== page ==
How The 1986 Death of Basketball Star Len Bias Intensified The Drug War

By Seth Ferranti 06/21/16

The death of the promising basketball star was used as a major political selling point for the War on Drugs in the '80s.

How The 1986 Death of Basketball Star Len Bias Intensified The Drug War
College Basketball Star Len Bias via WikiCommons

Len Bias was a college basketball superstar at the University of Maryland and the future franchise player for the Boston Celtics, who drafted him as their second overall pick in 1986, envisioning him as a replacement for Celtic legend Larry Bird. Bias was primed to become the next big thing in the NBA, but instead, he became the poster child for the War on Drugs. His cocaine overdose, days after he was drafted, re-ignited the national debate that was being fueled by Nancy Reagan’s Just Say No campaign and the Cocaine Cowboys from Pablo Escobar’s Medellin Cartel.

The Democrats used Bias’ death to ramp up the War on Drugs rhetoric and outmaneuver their Republican colleagues in Congress. With the crack epidemic in full effect and prohibition-related violence in the inner city getting out of control, our government decided to do something drastic. At law enforcement's urging, Congress enacted mandatory minimum sentences for drug offenders, with five grams of crack triggering a five-year sentence. Our federal prison population exploded, turning the United States into incarceration nation.

"We have 214,000 people in prison and that is only talking federal prison," Julie Stewart, the president of Families Against Mandatory Minimums tells The Fix. "Over half of them, 51%, are drug offenders. So what are we doing? Why are we incarcerating people for decades, literally, for crimes that are in many cases not even considered by the public to be a big deal anymore? At the time when these laws were passed it was one thing, now we are at the point where the public is overwhelmingly supporting sentencing reform. It just doesn't make any sense for the kind of laws that have been on the books for so long to continue to be there.”

The laws were as racist as they were draconian, and everything that was plaguing society seemed to be blamed by the media on the menacing “young black male,” who was better armed than police, lived and sold crack in the projects, and wasn’t afraid to shoot it out with law enforcement. President Obama has done what he can to undo the damage, but the effects are still being felt. Our government declared a war on its own people and imprisoned not only dealers under the new laws, but addicts also.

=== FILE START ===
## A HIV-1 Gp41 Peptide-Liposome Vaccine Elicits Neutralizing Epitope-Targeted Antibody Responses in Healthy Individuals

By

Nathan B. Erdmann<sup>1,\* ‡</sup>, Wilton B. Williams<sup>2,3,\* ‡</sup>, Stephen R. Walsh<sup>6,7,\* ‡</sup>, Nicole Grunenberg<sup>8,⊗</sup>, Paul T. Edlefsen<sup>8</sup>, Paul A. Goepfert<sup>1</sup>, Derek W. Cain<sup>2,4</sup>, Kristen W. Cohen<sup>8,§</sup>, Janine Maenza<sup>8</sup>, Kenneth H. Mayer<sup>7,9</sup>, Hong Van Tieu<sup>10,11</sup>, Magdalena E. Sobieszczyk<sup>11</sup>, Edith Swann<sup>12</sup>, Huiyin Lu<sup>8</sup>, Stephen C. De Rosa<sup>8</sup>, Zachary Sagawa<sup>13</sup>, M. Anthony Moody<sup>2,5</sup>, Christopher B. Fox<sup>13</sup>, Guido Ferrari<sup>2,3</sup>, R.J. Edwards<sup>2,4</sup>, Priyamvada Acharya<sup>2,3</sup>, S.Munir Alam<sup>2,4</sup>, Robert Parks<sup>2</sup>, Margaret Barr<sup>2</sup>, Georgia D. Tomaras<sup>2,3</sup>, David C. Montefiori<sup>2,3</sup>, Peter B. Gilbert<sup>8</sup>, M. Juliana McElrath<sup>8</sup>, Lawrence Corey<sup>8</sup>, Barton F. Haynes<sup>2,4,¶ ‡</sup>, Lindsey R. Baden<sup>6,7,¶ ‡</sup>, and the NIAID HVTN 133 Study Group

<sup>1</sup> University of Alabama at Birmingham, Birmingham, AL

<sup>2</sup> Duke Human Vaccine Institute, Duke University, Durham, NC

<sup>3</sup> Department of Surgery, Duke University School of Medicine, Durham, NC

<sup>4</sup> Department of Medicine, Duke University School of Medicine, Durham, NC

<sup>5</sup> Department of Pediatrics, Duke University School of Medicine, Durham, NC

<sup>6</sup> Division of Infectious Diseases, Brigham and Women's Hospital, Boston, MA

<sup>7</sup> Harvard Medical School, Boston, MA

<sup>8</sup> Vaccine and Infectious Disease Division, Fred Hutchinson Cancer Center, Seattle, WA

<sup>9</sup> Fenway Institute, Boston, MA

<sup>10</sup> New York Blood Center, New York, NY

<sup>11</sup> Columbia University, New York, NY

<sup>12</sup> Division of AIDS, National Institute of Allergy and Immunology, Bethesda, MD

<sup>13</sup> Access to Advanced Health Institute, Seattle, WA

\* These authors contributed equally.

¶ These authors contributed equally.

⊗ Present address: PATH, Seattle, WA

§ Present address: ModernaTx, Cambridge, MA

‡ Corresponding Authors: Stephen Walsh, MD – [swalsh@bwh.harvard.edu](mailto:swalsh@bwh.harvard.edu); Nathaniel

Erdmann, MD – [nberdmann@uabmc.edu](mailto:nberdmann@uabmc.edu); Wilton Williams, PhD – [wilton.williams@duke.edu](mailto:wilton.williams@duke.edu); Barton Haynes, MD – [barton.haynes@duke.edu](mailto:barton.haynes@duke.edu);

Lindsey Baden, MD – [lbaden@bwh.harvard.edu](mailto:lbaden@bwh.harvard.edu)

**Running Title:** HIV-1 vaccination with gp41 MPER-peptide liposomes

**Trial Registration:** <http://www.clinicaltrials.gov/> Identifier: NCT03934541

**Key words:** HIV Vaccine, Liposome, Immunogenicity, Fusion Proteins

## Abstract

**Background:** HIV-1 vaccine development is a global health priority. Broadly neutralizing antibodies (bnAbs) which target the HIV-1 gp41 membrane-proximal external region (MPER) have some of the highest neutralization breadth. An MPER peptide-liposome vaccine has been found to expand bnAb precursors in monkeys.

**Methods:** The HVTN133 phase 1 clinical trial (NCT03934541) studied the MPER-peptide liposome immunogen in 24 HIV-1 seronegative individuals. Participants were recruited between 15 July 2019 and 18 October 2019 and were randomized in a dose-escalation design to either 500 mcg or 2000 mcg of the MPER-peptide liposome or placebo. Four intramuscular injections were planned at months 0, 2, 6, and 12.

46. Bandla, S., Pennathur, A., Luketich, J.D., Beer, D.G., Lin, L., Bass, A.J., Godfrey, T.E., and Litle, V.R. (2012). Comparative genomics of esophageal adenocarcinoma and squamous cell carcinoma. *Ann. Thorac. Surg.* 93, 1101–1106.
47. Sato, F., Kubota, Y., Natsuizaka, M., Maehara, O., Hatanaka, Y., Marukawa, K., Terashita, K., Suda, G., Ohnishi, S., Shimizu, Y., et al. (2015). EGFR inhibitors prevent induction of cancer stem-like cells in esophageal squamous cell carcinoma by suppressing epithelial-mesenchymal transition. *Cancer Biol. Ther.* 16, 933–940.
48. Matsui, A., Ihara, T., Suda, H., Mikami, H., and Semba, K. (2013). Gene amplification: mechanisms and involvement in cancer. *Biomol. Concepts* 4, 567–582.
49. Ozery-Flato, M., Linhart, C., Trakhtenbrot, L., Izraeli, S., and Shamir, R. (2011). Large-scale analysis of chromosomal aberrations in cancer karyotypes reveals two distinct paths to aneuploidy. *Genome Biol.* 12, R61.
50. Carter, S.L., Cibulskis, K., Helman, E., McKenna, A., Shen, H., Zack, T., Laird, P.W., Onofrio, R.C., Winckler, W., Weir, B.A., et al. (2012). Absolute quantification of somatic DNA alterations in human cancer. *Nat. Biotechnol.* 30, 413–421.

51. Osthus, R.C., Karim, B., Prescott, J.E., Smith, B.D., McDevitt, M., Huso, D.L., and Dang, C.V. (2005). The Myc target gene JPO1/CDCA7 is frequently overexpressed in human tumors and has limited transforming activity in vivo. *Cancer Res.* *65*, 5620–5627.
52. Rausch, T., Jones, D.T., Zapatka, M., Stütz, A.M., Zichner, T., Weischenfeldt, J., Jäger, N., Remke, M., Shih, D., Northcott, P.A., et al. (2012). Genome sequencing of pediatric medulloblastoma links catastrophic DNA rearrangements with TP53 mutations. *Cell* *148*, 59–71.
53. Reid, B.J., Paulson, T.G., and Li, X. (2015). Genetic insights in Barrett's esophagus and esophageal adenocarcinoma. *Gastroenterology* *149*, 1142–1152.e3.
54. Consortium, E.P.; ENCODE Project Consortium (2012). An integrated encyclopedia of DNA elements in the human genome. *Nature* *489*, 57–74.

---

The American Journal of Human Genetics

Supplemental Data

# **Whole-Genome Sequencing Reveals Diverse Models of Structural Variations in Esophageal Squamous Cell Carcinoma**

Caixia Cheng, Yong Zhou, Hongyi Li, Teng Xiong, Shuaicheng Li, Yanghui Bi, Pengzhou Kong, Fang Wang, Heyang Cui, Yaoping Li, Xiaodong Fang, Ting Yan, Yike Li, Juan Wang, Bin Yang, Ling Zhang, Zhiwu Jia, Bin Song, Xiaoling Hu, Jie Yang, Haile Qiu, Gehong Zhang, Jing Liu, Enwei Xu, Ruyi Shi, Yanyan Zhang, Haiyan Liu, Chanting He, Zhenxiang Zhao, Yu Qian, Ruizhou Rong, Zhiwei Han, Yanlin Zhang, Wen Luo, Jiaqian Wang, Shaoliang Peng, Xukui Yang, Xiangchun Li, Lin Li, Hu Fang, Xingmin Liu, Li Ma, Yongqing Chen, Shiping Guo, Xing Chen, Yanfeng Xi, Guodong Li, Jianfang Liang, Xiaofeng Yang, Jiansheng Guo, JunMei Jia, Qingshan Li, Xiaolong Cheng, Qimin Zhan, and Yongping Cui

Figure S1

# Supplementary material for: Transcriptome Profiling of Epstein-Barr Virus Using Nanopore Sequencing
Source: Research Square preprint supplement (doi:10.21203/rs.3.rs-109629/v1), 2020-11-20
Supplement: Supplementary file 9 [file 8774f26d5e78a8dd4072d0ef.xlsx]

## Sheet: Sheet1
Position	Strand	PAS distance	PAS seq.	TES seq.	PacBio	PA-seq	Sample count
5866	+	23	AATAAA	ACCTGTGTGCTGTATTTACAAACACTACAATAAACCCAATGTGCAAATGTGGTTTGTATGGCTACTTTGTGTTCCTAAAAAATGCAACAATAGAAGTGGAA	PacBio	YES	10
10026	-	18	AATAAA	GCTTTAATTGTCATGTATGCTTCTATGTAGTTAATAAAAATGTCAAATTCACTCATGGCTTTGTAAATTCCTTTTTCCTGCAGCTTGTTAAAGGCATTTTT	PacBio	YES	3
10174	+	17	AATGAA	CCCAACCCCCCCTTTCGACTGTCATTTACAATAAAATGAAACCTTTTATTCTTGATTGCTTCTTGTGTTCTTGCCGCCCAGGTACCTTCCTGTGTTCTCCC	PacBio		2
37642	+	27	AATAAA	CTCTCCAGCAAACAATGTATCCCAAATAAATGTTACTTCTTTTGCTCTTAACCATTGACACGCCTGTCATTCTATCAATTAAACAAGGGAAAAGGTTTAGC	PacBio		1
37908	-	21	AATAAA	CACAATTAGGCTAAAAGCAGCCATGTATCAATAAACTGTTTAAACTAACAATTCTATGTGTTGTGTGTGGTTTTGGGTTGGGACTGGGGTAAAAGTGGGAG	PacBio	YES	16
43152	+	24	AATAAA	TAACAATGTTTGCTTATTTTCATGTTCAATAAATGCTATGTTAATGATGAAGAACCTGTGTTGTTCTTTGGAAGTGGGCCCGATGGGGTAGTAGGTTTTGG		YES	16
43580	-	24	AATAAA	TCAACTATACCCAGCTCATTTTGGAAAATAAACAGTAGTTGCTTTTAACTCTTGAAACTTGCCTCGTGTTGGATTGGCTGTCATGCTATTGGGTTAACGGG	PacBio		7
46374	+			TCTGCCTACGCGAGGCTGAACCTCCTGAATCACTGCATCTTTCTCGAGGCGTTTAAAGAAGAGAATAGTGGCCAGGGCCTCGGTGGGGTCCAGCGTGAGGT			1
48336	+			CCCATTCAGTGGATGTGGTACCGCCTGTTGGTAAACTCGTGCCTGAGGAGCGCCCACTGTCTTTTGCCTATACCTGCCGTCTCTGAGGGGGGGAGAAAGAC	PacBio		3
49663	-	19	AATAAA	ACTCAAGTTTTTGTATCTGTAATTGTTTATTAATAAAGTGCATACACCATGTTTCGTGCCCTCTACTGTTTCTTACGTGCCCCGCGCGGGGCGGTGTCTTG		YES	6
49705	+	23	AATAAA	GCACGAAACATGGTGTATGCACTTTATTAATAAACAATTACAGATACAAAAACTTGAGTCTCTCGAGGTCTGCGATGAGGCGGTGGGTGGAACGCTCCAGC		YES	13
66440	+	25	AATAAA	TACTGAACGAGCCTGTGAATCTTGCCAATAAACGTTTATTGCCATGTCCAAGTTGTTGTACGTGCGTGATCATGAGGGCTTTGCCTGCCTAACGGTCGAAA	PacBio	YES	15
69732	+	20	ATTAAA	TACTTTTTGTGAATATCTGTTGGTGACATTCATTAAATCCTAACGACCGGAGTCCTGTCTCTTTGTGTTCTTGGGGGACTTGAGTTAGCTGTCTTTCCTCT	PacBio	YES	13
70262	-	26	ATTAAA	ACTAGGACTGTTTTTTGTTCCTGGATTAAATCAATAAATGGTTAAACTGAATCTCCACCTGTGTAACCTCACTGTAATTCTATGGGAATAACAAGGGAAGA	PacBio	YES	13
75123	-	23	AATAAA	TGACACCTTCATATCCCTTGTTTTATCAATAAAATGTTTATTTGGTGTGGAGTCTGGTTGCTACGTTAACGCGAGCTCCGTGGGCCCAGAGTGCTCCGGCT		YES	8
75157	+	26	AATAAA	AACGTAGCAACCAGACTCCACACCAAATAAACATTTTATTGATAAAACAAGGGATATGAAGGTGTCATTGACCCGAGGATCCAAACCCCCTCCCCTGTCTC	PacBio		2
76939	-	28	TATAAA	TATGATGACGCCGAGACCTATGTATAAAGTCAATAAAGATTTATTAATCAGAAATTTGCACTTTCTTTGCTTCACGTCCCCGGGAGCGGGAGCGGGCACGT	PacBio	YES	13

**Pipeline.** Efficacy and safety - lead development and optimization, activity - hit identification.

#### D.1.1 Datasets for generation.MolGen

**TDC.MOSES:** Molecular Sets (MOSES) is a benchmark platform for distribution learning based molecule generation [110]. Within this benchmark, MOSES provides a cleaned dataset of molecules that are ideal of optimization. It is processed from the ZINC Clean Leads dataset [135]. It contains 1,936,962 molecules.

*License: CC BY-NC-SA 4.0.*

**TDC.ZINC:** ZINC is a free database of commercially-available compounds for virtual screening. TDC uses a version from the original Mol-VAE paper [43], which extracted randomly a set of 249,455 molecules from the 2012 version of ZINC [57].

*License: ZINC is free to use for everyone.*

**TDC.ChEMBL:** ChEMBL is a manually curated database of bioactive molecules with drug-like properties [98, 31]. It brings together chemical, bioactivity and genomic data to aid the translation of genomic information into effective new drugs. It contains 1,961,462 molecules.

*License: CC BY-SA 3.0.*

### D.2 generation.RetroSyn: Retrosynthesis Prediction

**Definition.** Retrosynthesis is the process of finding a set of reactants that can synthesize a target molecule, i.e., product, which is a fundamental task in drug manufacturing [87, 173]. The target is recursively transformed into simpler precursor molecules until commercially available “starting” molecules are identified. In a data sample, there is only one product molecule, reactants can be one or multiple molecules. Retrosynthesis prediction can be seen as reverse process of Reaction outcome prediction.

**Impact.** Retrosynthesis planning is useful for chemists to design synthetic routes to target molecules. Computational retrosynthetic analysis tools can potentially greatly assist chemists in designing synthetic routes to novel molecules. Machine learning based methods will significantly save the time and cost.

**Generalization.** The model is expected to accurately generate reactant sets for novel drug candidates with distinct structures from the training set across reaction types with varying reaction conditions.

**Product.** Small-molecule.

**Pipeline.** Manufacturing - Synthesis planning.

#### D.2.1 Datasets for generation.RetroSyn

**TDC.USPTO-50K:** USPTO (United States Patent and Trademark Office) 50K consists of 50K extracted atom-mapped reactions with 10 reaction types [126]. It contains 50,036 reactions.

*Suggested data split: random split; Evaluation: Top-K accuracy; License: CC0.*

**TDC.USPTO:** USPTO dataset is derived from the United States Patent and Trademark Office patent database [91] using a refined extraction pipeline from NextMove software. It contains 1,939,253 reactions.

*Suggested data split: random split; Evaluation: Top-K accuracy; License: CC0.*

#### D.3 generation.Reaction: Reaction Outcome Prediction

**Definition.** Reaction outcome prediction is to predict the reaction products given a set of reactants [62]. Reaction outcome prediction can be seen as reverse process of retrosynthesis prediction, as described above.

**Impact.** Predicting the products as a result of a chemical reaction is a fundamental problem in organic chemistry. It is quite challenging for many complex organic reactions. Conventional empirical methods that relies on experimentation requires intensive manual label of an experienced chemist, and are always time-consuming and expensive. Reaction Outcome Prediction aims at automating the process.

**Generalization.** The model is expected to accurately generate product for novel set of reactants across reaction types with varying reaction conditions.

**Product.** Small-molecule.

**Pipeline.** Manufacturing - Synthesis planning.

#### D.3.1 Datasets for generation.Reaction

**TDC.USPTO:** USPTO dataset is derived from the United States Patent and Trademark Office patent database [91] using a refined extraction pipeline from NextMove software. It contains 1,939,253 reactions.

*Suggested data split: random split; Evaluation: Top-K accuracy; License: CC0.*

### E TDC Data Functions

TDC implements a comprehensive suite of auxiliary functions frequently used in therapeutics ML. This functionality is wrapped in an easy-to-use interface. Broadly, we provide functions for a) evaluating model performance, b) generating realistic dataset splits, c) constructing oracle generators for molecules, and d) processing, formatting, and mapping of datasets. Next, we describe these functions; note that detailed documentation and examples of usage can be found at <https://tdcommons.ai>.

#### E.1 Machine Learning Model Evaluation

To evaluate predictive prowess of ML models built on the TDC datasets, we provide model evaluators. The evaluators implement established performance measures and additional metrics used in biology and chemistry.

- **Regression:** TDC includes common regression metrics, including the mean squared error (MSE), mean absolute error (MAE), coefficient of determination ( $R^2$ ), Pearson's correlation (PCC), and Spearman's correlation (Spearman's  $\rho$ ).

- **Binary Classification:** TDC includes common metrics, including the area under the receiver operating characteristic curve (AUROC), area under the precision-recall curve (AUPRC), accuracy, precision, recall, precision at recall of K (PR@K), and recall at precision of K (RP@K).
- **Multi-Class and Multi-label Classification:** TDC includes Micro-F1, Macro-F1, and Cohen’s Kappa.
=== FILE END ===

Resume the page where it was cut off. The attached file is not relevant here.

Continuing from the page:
“The people who are driving the drug war are the addicts,” Bruce Porter, the New York Times best-selling author of Blow, tells The Fix. “This is not a new idea, but if there was a diversion of the hundreds and hundreds of millions and billions of dollars we spend on law enforcement over to addiction prevention, it might have something to do with this. It certainly is ironic that marijuana is being legalized and so many people are still in prison for smuggling marijuana all over the country. It seems to be greatly out of balance.”

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After landing on the US Marshals Top-15 Most Wanted list and being sentenced to a 25 year sentence in federal prison for a first-time, nonviolent LSD offense, Seth built a writing and journalism career from his cell block. His raw portrayals of prison life and crack era gangsters graced the pages of Don DivaHoopshype and VICE. From prison he established Gorilla Convict, a true-crime publisher and website that documents the stories that the mainstream media can’t get with books like Prison Stories and Street Legends. His story has been covered by The Washington PostThe Washington Times, and Rolling Stone.

Since his release in 2015 he’s worked hard to launch GR1ND Studios, where true crime and comics clash. GR1ND Studios is bringing variety to the comic shelf by way of the American underground. These groundbreaking graphic novels tell the true story of prohibition-era mobsters, inner-city drug lords, and suburban drug dealers. Seth is currently working out of St. Louis, Missouri, writing for The FixVICEOZY, Daily Beast, and Penthouse and moving into the world of film. Check out his first short, Easter Bunny Assassin at You can find Seth on Linkedin or follow him on Twitter.